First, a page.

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EDITOR’S NOTE: For the next two weeks as we cover the conventions—the Democrats in Denver and the Republicans in St. Paul—we will have a different publishing schedule, sending you ENPR twice a week: on Mondays and Fridays. Here’s your preview of the Democratic convention, including an analysis of Obama’s running mate and a new Electoral College breakdown.On Friday, Aug. 29, we’ll send you a recap of the Dem. Convention. From St. Paul, it will be the same thing: a GOP preview on Monday, September 1, and a recap on Friday, 9/5. After that, we’ll return to normal.



  1. By picking Sen. Joe Biden (D—Del.) as his running mate, Sen. Barack Obama telegraphed worry over his chances at election—worry that we have seen among Democrats gathering here in Denver. Once the perfect candidate, sure to be swept in by a Democratic tsunami, Obama is now in a 50—50 race with Sen. John McCain.
  2. In our pre—convention Electoral College analysis, we find the battleground shrinking, and Obama holding onto a one—state margin of victory.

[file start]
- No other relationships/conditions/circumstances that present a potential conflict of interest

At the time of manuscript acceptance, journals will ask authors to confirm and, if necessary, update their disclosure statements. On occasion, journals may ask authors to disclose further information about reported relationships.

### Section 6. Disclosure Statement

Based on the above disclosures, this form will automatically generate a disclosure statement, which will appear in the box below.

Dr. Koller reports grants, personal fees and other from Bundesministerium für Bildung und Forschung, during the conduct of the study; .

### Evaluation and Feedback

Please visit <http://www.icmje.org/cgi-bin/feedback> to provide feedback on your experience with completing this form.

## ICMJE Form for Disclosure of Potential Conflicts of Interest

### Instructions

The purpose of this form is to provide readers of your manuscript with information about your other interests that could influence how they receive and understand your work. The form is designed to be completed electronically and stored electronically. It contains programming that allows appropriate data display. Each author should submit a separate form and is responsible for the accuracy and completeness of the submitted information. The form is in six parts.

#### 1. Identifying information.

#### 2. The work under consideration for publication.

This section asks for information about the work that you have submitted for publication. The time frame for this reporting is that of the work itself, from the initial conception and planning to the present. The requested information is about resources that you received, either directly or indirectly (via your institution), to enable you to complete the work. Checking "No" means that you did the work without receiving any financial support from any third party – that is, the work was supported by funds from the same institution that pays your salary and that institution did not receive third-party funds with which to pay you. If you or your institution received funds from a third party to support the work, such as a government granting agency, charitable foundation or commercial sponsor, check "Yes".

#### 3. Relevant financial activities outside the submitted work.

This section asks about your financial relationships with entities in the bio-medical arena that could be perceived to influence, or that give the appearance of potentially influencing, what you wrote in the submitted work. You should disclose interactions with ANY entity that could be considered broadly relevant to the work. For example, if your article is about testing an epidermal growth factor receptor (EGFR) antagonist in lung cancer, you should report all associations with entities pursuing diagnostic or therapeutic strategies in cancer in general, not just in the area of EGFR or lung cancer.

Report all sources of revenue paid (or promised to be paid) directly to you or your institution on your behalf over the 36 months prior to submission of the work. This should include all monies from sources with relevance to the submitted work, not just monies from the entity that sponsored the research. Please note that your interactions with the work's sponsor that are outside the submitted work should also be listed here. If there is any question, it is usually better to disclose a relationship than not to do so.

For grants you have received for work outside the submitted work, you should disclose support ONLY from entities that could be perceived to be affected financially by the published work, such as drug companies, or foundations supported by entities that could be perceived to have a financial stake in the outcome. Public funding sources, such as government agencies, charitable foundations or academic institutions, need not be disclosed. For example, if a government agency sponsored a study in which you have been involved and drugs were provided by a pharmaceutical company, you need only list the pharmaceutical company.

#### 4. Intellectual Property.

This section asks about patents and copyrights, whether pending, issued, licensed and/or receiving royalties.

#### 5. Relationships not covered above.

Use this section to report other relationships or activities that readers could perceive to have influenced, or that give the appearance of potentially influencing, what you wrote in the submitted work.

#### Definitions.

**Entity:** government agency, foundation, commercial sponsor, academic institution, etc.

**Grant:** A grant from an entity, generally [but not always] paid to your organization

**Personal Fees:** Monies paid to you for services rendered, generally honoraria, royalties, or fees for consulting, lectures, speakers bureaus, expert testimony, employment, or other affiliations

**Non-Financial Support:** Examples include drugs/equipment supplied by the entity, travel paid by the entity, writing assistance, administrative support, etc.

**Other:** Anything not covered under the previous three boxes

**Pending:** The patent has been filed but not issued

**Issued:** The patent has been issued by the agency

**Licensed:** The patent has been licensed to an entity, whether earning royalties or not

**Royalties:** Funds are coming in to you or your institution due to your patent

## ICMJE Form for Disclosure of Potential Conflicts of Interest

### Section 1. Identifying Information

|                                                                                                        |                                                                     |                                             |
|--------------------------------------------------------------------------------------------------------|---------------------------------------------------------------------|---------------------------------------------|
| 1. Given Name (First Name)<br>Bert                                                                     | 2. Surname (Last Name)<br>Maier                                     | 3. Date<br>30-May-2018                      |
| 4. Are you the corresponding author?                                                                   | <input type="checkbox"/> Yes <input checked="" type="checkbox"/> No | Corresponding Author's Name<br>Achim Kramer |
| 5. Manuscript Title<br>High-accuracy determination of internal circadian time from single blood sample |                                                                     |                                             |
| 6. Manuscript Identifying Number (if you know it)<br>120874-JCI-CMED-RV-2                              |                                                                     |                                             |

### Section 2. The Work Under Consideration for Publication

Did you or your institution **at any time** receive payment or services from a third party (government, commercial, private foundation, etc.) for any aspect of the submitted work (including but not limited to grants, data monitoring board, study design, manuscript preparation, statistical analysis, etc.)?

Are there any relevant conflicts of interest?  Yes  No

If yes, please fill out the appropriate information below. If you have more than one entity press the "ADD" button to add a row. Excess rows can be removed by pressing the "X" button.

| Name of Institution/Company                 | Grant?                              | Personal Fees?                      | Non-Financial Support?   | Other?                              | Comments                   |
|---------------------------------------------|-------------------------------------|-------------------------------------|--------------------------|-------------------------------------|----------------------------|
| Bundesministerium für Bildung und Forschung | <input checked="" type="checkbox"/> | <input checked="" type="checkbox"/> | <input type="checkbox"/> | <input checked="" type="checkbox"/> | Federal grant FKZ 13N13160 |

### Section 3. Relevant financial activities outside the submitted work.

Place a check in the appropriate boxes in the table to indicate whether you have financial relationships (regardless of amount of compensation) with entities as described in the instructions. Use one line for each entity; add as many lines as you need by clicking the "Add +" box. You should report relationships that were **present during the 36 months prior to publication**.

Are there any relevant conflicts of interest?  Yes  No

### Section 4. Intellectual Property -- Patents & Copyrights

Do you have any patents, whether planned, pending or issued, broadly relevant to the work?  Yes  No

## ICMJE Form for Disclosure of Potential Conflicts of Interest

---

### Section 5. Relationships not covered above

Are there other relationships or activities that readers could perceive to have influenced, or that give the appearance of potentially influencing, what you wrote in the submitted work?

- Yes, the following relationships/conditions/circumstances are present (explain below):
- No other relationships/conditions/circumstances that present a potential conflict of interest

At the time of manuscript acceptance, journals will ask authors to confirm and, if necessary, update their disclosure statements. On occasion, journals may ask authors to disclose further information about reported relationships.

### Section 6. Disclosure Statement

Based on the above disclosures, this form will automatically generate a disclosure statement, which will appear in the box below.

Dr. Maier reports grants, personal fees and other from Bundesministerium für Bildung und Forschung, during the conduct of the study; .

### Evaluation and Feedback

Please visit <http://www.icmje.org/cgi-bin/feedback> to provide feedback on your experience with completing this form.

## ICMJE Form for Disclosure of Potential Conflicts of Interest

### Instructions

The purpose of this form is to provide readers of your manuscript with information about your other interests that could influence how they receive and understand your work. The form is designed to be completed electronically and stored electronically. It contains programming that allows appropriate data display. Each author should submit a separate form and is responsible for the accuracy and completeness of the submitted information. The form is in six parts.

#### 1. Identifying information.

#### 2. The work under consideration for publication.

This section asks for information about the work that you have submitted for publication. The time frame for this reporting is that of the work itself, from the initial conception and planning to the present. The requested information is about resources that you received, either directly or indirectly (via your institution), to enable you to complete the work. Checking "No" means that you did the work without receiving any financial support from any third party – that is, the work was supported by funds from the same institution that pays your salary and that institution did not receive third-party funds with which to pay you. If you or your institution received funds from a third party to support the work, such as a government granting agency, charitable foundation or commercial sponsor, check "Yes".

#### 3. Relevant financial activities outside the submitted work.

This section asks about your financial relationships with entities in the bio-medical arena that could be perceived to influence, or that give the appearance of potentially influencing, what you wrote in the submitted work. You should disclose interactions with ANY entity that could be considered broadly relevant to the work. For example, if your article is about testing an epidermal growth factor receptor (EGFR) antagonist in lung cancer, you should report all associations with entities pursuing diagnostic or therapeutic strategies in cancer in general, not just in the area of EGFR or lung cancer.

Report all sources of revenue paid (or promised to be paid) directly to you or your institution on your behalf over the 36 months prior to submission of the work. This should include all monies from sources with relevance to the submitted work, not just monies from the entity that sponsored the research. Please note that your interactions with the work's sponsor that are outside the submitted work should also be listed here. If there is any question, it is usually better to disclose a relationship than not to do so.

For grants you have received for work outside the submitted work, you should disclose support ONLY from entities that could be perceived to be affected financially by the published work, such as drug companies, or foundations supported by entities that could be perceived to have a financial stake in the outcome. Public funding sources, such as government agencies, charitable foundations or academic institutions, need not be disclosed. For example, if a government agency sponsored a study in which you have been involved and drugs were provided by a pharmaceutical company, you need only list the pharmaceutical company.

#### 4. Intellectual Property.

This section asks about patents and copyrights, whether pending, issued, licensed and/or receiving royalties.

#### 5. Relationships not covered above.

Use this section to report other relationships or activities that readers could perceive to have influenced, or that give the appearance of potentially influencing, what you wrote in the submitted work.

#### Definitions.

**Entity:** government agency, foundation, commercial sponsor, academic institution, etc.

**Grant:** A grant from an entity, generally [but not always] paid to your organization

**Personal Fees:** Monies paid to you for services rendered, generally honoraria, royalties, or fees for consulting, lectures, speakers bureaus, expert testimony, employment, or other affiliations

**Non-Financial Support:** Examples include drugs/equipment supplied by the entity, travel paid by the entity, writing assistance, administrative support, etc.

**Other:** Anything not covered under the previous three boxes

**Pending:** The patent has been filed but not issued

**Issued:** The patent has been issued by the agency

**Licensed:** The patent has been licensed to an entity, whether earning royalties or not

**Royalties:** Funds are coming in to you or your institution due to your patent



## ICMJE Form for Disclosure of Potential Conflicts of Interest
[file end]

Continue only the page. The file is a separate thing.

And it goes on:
3. Democrats are nervous, but talk of a divided party is overblown.

Democratic Convention

Biden: Obama’s choice of Biden was a smart move and a mostly safe move. While Biden is not the ideal running mate, nobody is.

  1. The most obvious reason for the pick is Biden’s 25—year tenure on the Senate Foreign Relations Committee. On foreign policy, Biden is well—informed, measured, and thoughtful. Vladimir Putin may have won Biden his spot on the ticket by invading Georgia. Republicans had begun to hope that 2008 could be an election about national security, without too much of a focus on Iraq. If McCain moves the election to that turf, Biden will be far stronger than Obama.
  2. Perhaps Biden’s most important feature is being a regular white guy. Obama is so far outside the mold of past Presidents—young, black, "funny name," with a foreign—born father—that he needed some vanilla on the ticket. Second to Sen. Evan Bayh (D—Ind.), Biden is very white bread.